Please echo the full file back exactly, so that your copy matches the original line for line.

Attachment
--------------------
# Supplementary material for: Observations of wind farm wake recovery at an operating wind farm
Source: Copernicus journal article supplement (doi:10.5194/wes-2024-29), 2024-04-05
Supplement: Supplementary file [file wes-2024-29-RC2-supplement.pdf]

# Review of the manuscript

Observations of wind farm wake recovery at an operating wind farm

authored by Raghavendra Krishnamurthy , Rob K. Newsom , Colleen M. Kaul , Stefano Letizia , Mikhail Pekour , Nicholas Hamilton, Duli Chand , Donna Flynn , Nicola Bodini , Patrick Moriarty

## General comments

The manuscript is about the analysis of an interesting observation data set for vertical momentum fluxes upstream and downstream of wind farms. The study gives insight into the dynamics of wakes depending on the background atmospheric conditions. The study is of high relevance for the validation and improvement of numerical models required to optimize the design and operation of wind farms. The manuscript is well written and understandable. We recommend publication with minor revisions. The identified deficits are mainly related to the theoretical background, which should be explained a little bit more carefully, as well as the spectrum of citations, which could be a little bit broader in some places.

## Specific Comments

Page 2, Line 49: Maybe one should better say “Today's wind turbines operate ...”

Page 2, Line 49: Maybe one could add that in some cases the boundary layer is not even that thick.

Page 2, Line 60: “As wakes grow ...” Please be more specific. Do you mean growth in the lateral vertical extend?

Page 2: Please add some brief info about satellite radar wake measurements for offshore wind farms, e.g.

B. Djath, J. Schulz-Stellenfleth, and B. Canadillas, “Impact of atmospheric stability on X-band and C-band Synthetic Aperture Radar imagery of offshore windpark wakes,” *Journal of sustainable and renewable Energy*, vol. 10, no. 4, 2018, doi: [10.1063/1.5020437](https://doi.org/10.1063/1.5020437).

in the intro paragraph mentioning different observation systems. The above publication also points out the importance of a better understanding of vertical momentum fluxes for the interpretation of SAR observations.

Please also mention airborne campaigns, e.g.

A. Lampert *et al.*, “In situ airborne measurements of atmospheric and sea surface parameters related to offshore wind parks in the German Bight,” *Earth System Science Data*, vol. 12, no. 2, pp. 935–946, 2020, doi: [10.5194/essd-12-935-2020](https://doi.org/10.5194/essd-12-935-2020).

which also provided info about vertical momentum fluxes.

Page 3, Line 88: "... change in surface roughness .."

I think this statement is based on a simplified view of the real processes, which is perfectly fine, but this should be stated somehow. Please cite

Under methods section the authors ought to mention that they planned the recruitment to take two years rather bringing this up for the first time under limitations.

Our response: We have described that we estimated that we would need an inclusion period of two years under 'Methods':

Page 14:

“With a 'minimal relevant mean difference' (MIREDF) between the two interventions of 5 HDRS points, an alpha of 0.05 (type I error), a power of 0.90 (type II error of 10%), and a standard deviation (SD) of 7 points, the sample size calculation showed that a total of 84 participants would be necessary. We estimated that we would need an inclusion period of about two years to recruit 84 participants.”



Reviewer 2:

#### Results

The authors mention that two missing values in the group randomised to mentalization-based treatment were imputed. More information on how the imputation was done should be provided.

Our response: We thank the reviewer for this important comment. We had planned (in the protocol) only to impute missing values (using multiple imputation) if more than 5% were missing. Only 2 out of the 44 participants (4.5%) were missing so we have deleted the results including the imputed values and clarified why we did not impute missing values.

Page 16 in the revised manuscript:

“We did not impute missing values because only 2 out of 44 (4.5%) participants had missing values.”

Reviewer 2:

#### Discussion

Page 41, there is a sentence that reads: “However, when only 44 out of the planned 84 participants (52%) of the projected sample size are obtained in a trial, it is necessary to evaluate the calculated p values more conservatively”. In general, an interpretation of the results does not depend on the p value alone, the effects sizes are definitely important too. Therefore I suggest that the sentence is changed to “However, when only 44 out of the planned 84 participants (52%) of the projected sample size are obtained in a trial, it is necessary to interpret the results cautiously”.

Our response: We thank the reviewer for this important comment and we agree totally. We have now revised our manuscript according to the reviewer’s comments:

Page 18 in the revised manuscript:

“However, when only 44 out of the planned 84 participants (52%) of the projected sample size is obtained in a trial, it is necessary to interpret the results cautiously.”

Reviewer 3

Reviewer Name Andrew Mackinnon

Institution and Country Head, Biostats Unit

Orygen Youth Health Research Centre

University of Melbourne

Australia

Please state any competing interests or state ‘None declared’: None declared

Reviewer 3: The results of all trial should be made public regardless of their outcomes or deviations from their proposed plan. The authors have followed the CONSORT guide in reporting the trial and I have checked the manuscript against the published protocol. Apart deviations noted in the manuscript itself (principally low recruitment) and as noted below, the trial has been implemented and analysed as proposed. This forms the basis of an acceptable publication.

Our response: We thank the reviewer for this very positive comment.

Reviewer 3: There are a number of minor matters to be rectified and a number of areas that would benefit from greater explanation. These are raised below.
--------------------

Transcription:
# Supplementary material for: Observations of wind farm wake recovery at an operating wind farm
Source: Copernicus journal article supplement (doi:10.5194/wes-2024-29), 2024-04-05
Supplement: Supplementary file [file wes-2024-29-RC2-supplement.pdf]

# Review of the manuscript

Observations of wind farm wake recovery at an operating wind farm

authored by Raghavendra Krishnamurthy , Rob K. Newsom , Colleen M. Kaul , Stefano Letizia , Mikhail Pekour , Nicholas Hamilton, Duli Chand , Donna Flynn , Nicola Bodini , Patrick Moriarty

## General comments

The manuscript is about the analysis of an interesting observation data set for vertical momentum fluxes upstream and downstream of wind farms. The study gives insight into the dynamics of wakes depending on the background atmospheric conditions. The study is of high relevance for the validation and improvement of numerical models required to optimize the design and operation of wind farms. The manuscript is well written and understandable. We recommend publication with minor revisions. The identified deficits are mainly related to the theoretical background, which should be explained a little bit more carefully, as well as the spectrum of citations, which could be a little bit broader in some places.

## Specific Comments

Page 2, Line 49: Maybe one should better say “Today's wind turbines operate ...”

Page 2, Line 49: Maybe one could add that in some cases the boundary layer is not even that thick.

Page 2, Line 60: “As wakes grow ...” Please be more specific. Do you mean growth in the lateral vertical extend?

Page 2: Please add some brief info about satellite radar wake measurements for offshore wind farms, e.g.

B. Djath, J. Schulz-Stellenfleth, and B. Canadillas, “Impact of atmospheric stability on X-band and C-band Synthetic Aperture Radar imagery of offshore windpark wakes,” *Journal of sustainable and renewable Energy*, vol. 10, no. 4, 2018, doi: [10.1063/1.5020437](https://doi.org/10.1063/1.5020437).

in the intro paragraph mentioning different observation systems. The above publication also points out the importance of a better understanding of vertical momentum fluxes for the interpretation of SAR observations.

Please also mention airborne campaigns, e.g.

A. Lampert *et al.*, “In situ airborne measurements of atmospheric and sea surface parameters related to offshore wind parks in the German Bight,” *Earth System Science Data*, vol. 12, no. 2, pp. 935–946, 2020, doi: [10.5194/essd-12-935-2020](https://doi.org/10.5194/essd-12-935-2020).

which also provided info about vertical momentum fluxes.

Page 3, Line 88: "... change in surface roughness .."

I think this statement is based on a simplified view of the real processes, which is perfectly fine, but this should be stated somehow. Please cite

Under methods section the authors ought to mention that they planned the recruitment to take two years rather bringing this up for the first time under limitations.

Our response: We have described that we estimated that we would need an inclusion period of two years under 'Methods':

Page 14:

“With a 'minimal relevant mean difference' (MIREDF) between the two interventions of 5 HDRS points, an alpha of 0.05 (type I error), a power of 0.90 (type II error of 10%), and a standard deviation (SD) of 7 points, the sample size calculation showed that a total of 84 participants would be necessary. We estimated that we would need an inclusion period of about two years to recruit 84 participants.”



Reviewer 2:

#### Results

The authors mention that two missing values in the group randomised to mentalization-based treatment were imputed. More information on how the imputation was done should be provided.

Our response: We thank the reviewer for this important comment. We had planned (in the protocol) only to impute missing values (using multiple imputation) if more than 5% were missing. Only 2 out of the 44 participants (4.5%) were missing so we have deleted the results including the imputed values and clarified why we did not impute missing values.

Page 16 in the revised manuscript:

“We did not impute missing values because only 2 out of 44 (4.5%) participants had missing values.”

Reviewer 2:

#### Discussion

Page 41, there is a sentence that reads: “However, when only 44 out of the planned 84 participants (52%) of the projected sample size are obtained in a trial, it is necessary to evaluate the calculated p values more conservatively”. In general, an interpretation of the results does not depend on the p value alone, the effects sizes are definitely important too. Therefore I suggest that the sentence is changed to “However, when only 44 out of the planned 84 participants (52%) of the projected sample size are obtained in a trial, it is necessary to interpret the results cautiously”.

Our response: We thank the reviewer for this important comment and we agree totally. We have now revised our manuscript according to the reviewer’s comments:

Page 18 in the revised manuscript:

“However, when only 44 out of the planned 84 participants (52%) of the projected sample size is obtained in a trial, it is necessary to interpret the results cautiously.”

Reviewer 3

Reviewer Name Andrew Mackinnon

Institution and Country Head, Biostats Unit

Orygen Youth Health Research Centre

University of Melbourne

Australia

Please state any competing interests or state ‘None declared’: None declared

Reviewer 3: The results of all trial should be made public regardless of their outcomes or deviations from their proposed plan. The authors have followed the CONSORT guide in reporting the trial and I have checked the manuscript against the published protocol. Apart deviations noted in the manuscript itself (principally low recruitment) and as noted below, the trial has been implemented and analysed as proposed. This forms the basis of an acceptable publication.

Our response: We thank the reviewer for this very positive comment.

Reviewer 3: There are a number of minor matters to be rectified and a number of areas that would benefit from greater explanation. These are raised below.